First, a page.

‘The House with a Clock in its Walls’10/3/2018
Fear-inducing madness is sure to scare — and no doubt confuse — younger audiences.
The first children’s movie by director Eli Roth, known for grotesque, grindhouse films like “Cabin Fever,” “Death Wish” and “Hostel,” “The House with a Clock in its Walls” adapts the 1973 John Bellairs novel into a mishmash of a coming-of-age story mixed with dark horror.
Set in a Michigan of the 1950s, the story follows Lewis Barnavelt (Owen Vaccaro), a shy, bookish, recently orphaned 10-year-old, who moves to the fictional town of New Zebedee to live with his uncle Jonathan (Jack Black). Lewis is the quintessential oddball movie kid: He never leaves the house without his goggles (like his favorite adventure hero, Captain Midnight), he enjoys reading dictionaries — a well-thumbed dictionary is the kid’s constant companion — and he’s often clad in suspenders and bowtie. But, hey, when your uncle is a bit on the strange side himself — his house, too, is a little odd, and decorated with hundreds of clocks — where’s the harm?
Jonathan, as it happens, is a warlock, and his best friend, Mrs. Zimmerman (Cate Blanchett), is a powerful magician in her own right. The two are neighbors and have a relationship style similar to frenemies. Such fond endearments as “choke and die” are their conversational currency. It’s the definition of a “platonic” relationship, literally, Lewis informs them.
“You’ll see. Things are quite different here,” Jonathan says to the astonished boy. But that simply isn’t true — things are very familiar here: foggy graveyards, creepy dolls, hand-bound books, animal skeletons in small carved boxes, ornately carved book jackets, secret hallways behind clocks, secret rooms within sculptures, thumping in the walls, and even comedic nonhuman sidekicks (a dog-like armchair and a topiary griffin).
Each night, Jonathan roams about the house looking for a ticking clock. Meanwhile, at school, Lewis makes friends with another boy, Tarby (Sunny Suljic), another cliché movie child who at first seems like a good friend until he’s gotten everything he wants out of Lewis. At night, Lewis has dreams about his mother (Lorenza Izzo), who seems to care less about calming her son’s fear of being alone and more concerned about finding some book and key.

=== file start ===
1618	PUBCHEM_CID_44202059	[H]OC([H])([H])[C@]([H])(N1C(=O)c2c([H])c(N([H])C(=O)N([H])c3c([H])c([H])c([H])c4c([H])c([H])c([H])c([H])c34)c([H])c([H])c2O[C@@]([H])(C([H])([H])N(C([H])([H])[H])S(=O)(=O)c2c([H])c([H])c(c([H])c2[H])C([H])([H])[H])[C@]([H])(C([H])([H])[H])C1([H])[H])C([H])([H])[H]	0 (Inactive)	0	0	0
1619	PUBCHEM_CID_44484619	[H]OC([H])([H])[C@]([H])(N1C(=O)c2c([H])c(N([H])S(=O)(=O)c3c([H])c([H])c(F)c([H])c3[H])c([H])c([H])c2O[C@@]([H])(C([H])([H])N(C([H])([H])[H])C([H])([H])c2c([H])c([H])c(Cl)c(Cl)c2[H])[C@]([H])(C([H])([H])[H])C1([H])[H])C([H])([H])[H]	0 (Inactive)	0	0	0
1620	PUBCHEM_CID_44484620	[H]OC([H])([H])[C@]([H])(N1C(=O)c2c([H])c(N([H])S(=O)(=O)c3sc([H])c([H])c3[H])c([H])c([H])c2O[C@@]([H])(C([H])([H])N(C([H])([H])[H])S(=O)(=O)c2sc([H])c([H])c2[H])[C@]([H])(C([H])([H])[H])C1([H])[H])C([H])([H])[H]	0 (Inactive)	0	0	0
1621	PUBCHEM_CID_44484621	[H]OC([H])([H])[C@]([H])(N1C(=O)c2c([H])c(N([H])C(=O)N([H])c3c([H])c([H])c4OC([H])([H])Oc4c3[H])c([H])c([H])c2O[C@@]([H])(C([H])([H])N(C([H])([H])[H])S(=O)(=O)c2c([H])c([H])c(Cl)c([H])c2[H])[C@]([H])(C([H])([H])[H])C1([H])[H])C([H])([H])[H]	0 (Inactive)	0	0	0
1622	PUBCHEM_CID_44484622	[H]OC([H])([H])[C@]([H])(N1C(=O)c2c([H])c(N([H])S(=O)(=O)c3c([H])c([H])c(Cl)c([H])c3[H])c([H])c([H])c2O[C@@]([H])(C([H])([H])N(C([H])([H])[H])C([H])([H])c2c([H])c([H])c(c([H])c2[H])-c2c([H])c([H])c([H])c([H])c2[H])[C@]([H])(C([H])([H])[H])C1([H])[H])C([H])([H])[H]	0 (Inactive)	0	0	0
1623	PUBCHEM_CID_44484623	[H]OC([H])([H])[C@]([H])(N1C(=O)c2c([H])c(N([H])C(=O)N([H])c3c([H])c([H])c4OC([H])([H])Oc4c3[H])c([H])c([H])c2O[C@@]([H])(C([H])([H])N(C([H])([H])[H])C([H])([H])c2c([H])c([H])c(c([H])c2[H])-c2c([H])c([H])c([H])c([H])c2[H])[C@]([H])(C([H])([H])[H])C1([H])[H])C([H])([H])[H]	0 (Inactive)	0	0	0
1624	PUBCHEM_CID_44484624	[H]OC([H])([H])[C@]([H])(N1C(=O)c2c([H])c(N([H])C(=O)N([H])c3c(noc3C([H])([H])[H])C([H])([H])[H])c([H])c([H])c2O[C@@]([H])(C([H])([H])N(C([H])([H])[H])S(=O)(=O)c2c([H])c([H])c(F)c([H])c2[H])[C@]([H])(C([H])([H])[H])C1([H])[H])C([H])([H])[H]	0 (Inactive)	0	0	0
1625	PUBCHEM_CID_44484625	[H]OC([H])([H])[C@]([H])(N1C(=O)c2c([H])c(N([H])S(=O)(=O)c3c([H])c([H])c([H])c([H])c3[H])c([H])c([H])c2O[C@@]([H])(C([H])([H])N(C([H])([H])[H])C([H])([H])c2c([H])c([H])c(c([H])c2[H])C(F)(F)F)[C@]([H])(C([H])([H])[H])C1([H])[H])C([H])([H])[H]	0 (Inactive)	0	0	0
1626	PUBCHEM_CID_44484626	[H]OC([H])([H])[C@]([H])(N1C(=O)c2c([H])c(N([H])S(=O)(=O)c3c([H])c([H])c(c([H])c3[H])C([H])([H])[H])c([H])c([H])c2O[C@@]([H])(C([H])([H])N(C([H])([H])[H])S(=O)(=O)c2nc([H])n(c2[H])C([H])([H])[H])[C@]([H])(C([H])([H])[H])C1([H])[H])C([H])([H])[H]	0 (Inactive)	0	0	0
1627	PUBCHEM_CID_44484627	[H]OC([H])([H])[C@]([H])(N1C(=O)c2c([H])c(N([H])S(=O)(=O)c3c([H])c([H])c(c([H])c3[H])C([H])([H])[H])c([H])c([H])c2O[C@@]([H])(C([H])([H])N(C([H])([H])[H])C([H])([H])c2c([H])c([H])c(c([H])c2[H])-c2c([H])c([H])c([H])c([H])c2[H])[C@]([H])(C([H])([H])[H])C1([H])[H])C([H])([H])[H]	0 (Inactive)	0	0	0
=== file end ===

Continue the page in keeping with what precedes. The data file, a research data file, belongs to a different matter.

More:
Everything in the film keeps light when it comes to the scenes of horror. But, on more than one occasion, Roth can’t help himself and interjects a few bits of fear-inducing madness sure to scare — and no doubt confuse — younger audiences. A deal with the demon, Azazel, invokes hell, blood magic and Christian doctrine; killer dolls reminiscent of “Blade Runner,” though made a little less creepy due to how much Jonathan mentions their creepiness; snarling pumpkin heads; and Kyle MacLachlan as a red-eyed, reanimated corpse.
Youngster Owen Vaccaro wrings out copious tears on cue and clearly wants us to remember the Harry Potter-esque orphan story from the nostalgia-drenched opening frames. Black is at his best when he’s allowed to go full ham, and he infuses every moment of goofy sorcery exposition with his trademark zeal.
But the secret MVP of the movie is Blanchett, playing the magical witch neighbor. She’s so overqualified for the role that it amounts to nothing more than throwing softball quips at Black and firing lasers at anthropomorphic pumpkins. By the end of the movie, you can’t help but say, “But why is she in this?”
The film is ostensibly a Harry Potter-like coming-of-age yarn. Roth does a clunky job of trying to marry a kid-safe story and jokes, like a recurring poop gag, with his signature dark style that overtakes the film’s final act. There are some fun gross-out moments that add to the tension and also some awkward plot elements involving World War II that even allude to the Holocaust that are never fully committed to or explained, leaving audiences to once again mumble, “Buy why?” ♦